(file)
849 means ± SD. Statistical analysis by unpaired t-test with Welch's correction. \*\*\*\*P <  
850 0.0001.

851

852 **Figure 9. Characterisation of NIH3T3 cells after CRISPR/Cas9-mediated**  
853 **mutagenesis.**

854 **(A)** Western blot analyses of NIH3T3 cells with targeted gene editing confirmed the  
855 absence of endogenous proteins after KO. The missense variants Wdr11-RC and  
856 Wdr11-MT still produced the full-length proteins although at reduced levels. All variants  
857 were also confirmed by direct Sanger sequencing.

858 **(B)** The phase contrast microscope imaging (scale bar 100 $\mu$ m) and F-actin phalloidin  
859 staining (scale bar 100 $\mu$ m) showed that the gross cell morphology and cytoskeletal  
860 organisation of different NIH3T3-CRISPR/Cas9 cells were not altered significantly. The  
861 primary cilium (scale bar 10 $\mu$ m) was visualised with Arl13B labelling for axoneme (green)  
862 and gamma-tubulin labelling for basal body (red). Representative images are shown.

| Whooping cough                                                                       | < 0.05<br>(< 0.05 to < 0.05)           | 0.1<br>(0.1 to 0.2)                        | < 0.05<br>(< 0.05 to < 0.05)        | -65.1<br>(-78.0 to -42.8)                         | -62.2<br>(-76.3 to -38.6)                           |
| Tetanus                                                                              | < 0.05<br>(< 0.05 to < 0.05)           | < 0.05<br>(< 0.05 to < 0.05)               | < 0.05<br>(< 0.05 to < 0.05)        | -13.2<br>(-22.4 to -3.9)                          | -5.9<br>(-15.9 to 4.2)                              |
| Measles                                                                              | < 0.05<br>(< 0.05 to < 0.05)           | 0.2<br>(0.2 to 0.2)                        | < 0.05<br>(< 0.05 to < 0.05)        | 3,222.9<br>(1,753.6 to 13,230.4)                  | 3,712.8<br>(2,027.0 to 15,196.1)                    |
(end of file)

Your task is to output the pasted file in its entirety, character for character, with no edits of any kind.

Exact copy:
849 means ± SD. Statistical analysis by unpaired t-test with Welch's correction. \*\*\*\*P <  
850 0.0001.

851

852 **Figure 9. Characterisation of NIH3T3 cells after CRISPR/Cas9-mediated**  
853 **mutagenesis.**

854 **(A)** Western blot analyses of NIH3T3 cells with targeted gene editing confirmed the  
855 absence of endogenous proteins after KO. The missense variants Wdr11-RC and  
856 Wdr11-MT still produced the full-length proteins although at reduced levels. All variants  
857 were also confirmed by direct Sanger sequencing.

858 **(B)** The phase contrast microscope imaging (scale bar 100 $\mu$ m) and F-actin phalloidin  
859 staining (scale bar 100 $\mu$ m) showed that the gross cell morphology and cytoskeletal  
860 organisation of different NIH3T3-CRISPR/Cas9 cells were not altered significantly. The  
861 primary cilium (scale bar 10 $\mu$ m) was visualised with Arl13B labelling for axoneme (green)  
862 and gamma-tubulin labelling for basal body (red). Representative images are shown.

| Whooping cough                                                                       | < 0.05<br>(< 0.05 to < 0.05)           | 0.1<br>(0.1 to 0.2)                        | < 0.05<br>(< 0.05 to < 0.05)        | -65.1<br>(-78.0 to -42.8)                         | -62.2<br>(-76.3 to -38.6)                           |
| Tetanus                                                                              | < 0.05<br>(< 0.05 to < 0.05)           | < 0.05<br>(< 0.05 to < 0.05)               | < 0.05<br>(< 0.05 to < 0.05)        | -13.2<br>(-22.4 to -3.9)                          | -5.9<br>(-15.9 to 4.2)                              |
| Measles                                                                              | < 0.05<br>(< 0.05 to < 0.05)           | 0.2<br>(0.2 to 0.2)                        | < 0.05<br>(< 0.05 to < 0.05)        | 3,222.9<br>(1,753.6 to 13,230.4)                  | 3,712.8<br>(2,027.0 to 15,196.1)                    |